By Patricia Dines
Published in the April 2009 West County Gazette (cover
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With No Money Down
By Patricia Dines
© Copyright Patricia Dines, 2009. All rights reserved.
On the surface, Sonoma County's new $100 million Energy Independence Program (SCEIP) seems simple enough, offering property owners government financing to install solar equipment and improve energy and water efficiency.
Yet, hiding beneath this mild-mannered exterior, lies a powerful tool to help us solve some of our most urgent shared problems. I've been watching this program emerge for a while, so I'm delighted to finally be able to tell you about its special features.
First, because SCEIP financing isn't based on currently-compromised housing prices, it provides a much-needed alternative to home equity loans. Plus, the program brings income to green contractors and suppliers in the beleaguered construction industry, which in turn nurtures our local economy.
But most impressive of all is SCEIP's benefits to the environment. At a time when we can feel powerless to looming eco-disasters, and skeptical of green pitches of varying veracity, SCEIP provides an easy yet meaningful way for us to nurture the planet's survival.
Because trimming our energy use is one of the most important ways that we can impact a wide variety of key environmental problems, including global climate change, habitat destruction, species extinction, ecosystem collapse, and the economic, health, and social crises they create.
So, SCEIP, a mild-mannered program? Indeed not!
No Increase in Monthly Expenses Required
With money so tight now, green actions can seem perhaps optional. However, even in these times, home improvement via SCEIP can be both fiscally-wise and essential.
First, you can choose to do improvements that offer savings in energy costs that equal your loan payments. Thus, your ongoing budget stays the same and you're just swapping an expense for an investment. Plus, your modifications will likely increase your building's resale value and comfort -- all without an initial capital outlay.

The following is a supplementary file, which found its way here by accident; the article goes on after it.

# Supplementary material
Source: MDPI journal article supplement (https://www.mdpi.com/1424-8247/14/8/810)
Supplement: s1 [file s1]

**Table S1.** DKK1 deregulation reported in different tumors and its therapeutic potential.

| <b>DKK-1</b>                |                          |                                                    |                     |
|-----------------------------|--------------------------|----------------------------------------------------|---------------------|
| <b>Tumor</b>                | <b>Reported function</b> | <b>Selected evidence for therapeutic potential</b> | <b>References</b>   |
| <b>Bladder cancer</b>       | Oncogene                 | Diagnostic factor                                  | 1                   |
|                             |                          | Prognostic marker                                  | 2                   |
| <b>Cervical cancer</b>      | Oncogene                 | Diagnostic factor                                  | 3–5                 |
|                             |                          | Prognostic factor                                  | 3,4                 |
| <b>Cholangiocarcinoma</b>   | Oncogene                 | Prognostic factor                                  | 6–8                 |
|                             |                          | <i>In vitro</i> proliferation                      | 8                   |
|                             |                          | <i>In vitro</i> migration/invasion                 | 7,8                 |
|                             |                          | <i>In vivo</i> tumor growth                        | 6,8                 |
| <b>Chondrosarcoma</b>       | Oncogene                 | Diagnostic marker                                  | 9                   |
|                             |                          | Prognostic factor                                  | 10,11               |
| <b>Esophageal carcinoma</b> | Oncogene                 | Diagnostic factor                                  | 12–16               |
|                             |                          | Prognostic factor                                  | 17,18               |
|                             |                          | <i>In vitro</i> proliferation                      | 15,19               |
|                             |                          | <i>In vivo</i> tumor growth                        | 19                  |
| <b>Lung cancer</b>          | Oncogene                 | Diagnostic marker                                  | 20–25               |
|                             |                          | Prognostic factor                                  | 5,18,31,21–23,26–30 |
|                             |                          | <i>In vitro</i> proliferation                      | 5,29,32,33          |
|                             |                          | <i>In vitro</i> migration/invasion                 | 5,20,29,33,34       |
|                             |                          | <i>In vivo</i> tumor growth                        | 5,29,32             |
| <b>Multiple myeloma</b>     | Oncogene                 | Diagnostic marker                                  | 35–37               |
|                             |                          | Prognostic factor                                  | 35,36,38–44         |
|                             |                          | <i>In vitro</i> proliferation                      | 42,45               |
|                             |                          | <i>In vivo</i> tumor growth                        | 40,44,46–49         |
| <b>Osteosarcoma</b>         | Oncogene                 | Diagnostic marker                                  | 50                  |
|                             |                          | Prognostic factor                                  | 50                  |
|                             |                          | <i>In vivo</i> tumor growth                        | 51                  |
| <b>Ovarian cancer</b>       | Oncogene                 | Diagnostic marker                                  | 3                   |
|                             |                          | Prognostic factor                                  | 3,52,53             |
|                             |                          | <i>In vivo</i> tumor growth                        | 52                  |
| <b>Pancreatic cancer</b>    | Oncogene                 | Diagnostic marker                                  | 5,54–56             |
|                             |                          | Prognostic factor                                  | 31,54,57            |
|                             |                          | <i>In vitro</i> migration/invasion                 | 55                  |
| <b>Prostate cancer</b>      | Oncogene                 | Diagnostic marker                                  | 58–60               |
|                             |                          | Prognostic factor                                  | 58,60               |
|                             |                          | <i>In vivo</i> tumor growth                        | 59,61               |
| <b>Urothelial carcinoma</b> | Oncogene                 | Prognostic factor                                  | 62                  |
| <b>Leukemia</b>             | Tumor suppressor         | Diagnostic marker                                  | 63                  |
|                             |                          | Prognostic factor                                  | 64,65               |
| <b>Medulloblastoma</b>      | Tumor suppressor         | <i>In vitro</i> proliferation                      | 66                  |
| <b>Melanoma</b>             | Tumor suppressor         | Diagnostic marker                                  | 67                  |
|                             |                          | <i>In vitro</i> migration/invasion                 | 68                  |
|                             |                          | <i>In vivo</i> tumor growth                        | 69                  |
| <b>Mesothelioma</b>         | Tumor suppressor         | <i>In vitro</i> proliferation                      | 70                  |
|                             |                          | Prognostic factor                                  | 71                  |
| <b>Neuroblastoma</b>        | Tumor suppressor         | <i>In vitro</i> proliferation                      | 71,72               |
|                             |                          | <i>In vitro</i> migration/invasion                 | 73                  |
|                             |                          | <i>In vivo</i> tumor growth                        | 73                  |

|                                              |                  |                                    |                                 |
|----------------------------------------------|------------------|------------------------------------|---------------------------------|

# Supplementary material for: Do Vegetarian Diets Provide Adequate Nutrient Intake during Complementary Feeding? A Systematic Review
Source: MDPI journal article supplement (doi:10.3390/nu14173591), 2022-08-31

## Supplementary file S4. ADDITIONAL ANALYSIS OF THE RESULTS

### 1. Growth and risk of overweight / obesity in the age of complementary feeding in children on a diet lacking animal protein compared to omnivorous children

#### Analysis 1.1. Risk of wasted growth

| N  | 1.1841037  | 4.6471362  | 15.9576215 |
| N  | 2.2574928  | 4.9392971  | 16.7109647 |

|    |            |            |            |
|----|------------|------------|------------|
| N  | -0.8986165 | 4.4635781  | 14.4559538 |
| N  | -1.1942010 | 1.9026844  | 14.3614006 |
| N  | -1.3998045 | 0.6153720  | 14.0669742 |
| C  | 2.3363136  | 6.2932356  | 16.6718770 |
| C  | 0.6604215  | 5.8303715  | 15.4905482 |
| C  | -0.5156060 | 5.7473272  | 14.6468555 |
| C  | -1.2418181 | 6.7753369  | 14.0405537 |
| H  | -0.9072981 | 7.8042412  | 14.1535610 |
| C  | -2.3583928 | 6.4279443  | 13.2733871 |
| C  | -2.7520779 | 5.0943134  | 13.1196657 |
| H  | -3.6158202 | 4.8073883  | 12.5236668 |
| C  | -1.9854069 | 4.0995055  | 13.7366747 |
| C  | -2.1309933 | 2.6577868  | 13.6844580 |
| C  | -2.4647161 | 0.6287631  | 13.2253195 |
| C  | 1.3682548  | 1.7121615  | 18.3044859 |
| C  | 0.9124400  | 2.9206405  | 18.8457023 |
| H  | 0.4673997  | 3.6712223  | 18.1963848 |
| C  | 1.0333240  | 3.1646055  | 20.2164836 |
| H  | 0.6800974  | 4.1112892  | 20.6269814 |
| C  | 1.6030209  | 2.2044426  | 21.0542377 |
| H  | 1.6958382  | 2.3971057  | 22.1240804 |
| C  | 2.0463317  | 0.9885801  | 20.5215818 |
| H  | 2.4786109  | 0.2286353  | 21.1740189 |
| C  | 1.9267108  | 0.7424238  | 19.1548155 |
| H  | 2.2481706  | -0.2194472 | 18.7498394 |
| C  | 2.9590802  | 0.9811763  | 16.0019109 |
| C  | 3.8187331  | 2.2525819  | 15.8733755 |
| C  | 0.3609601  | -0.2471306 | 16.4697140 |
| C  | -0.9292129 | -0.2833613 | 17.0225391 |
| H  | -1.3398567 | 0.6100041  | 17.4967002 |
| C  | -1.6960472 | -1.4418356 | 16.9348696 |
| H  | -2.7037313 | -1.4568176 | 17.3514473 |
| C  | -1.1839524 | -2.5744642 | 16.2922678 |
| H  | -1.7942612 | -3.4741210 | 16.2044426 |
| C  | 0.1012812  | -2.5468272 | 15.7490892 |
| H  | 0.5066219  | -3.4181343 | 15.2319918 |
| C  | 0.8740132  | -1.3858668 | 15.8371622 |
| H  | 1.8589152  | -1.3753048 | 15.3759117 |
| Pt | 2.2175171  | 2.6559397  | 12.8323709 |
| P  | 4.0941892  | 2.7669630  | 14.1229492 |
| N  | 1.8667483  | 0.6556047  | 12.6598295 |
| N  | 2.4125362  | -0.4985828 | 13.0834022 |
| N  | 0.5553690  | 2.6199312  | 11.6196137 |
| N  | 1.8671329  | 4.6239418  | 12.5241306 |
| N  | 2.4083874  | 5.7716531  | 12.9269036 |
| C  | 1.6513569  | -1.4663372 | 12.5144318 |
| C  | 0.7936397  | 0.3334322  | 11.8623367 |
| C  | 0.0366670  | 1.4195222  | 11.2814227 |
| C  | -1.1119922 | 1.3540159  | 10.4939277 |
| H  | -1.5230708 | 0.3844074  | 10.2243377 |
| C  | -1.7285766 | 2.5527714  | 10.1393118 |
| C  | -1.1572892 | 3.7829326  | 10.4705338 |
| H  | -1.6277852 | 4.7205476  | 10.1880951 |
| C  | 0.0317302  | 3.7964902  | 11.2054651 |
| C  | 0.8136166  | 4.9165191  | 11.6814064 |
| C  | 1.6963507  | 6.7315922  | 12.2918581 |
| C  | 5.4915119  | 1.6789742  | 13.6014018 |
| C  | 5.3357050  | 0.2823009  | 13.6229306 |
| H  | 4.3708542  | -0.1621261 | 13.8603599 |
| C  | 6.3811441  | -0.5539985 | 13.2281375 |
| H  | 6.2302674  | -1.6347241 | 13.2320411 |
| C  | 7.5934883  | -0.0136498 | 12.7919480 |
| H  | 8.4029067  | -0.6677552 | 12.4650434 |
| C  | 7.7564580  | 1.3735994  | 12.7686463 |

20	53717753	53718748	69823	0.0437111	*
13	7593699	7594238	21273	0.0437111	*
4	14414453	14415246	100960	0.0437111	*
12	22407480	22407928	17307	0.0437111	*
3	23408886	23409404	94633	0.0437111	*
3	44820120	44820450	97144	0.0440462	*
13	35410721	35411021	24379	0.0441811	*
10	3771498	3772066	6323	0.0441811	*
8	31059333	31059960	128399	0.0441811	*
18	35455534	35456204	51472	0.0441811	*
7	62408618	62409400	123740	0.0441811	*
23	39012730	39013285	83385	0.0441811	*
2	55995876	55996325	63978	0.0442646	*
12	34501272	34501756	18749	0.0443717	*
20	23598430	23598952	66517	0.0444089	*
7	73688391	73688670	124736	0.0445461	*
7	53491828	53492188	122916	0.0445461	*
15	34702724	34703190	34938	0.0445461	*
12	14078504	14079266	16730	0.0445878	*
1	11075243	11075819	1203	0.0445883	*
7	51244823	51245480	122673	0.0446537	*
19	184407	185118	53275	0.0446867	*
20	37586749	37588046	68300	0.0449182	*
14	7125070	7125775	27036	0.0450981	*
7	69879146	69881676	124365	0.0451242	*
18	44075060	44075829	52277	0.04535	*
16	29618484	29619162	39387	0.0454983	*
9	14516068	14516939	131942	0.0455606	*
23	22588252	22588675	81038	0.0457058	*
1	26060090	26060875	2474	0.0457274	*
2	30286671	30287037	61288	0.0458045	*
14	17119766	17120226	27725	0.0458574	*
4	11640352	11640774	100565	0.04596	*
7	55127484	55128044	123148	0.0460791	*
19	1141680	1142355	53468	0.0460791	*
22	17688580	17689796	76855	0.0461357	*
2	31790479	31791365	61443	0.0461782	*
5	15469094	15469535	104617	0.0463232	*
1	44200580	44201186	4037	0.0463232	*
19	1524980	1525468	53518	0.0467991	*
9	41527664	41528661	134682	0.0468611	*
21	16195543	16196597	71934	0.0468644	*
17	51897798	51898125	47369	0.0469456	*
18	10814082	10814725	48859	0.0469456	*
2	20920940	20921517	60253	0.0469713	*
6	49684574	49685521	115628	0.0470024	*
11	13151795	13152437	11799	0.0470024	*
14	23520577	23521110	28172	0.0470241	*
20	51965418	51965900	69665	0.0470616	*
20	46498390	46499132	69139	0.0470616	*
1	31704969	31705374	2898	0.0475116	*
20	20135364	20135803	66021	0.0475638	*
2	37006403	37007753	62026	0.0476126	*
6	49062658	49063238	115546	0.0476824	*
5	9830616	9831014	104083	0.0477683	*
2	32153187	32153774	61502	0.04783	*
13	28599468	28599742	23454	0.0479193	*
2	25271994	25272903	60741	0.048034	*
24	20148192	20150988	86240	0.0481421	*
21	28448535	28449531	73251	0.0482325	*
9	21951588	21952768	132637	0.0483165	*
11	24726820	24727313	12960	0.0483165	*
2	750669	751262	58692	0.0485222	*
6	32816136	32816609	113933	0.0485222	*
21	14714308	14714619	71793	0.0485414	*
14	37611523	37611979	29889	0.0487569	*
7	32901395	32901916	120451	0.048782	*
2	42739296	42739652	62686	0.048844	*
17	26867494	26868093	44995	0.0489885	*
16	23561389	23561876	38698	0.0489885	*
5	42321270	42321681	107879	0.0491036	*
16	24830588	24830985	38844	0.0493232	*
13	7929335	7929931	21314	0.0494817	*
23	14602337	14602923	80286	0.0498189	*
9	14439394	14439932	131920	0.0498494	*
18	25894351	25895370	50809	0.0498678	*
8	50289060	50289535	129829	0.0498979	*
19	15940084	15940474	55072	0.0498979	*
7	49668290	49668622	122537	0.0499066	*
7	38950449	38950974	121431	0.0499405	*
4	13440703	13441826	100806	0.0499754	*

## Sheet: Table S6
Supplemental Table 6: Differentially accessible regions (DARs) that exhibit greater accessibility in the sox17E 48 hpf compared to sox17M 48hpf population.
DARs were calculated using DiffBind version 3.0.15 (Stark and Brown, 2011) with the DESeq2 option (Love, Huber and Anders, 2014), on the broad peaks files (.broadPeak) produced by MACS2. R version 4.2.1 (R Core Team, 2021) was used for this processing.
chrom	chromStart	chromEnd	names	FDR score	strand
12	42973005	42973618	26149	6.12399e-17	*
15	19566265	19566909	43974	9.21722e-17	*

Making a Real Difference
But, given the scale of change that's needed in the world, is improving one's home really a significant contribution? Absolutely yes!
In fact, the U.S. Department of Energy calls retrofitting existing homes with energy-efficient features "the single largest source of potential energy savings."
The U.S. Environmental Protection Agency estimates that residential and commercial buildings are responsible for over one-third of the nation's total energy use, 68% of electricity, and 12% of water. They generate 38% of CO2 emissions.
So if you install, for instance, insulation and weather sealing, you could lower your energy costs up to 10%; a tankless water heater could reduce your greenhouse gas (GHG) emissions up to 30%; a solar water heater could lower CO2 emissions by 20%; and a 3 kW solar photovoltaic system could, over its 25-year lifetime, trim CO2 emissions by 80 tons -- the equivalent of driving 7,800 fewer miles a year.
SCEIP can also help you reduce your water use, which is vital now both because of low reservoir levels and threatened salmon survival. Many water-saving improvements qualify for funding.
To participate in SCEIP, look at the program requirements (see the box [below] plus the SCEIP website shown there). Then determine what improvements you want to make.
A home audit, while optional for residences, can identify potential upgrades, costs, and savings. From this, you can prioritize improvements that bring you the best results for your buck. The SCEIP website offers links to audits and other assessment tools; click on "Evaluations." Your audit cost can be rolled into your financing.
It's also recommended that you improve building efficiency before installing solar, so that you don't buy more system than you need. Any licensed contractor can perform work under this program.
One caution: Pay attention to cash flow. The program helps you reduce your monthly PG&E bill but the loan is repaid through your bi-annual property tax bill. To avoid an unsettling tax bill surprise, consider setting aside monthly what you're saving in utilities.
Also, in case you're curious, PG&E is supportive of SCEIP, because their compensation structure rewards them for encouraging energy efficiency. How wonderful!
Meeting GHG Reduction Targets
Sonoma County is one of the nation's pioneers in setting bold goals for reducing greenhouse gases (GHG), including our target of lowering county emissions to 25% below 1990 levels by 2015.
SCEIP (enabled by California's recent AB811) is intended to help the county achieve these objectives.
Alan Strachan, a local developer and GHG reduction advocate, makes a persuasive case that succeeding with this will require that we seriously step up the scale of our activities.
For instance, he challenges us to "do the math" and calculate what it'll take to reach California's goal of equaling 1990 CO2 emission levels by 2020, which was set in the state's Global Warming Solutions Act of 2006 (AB32).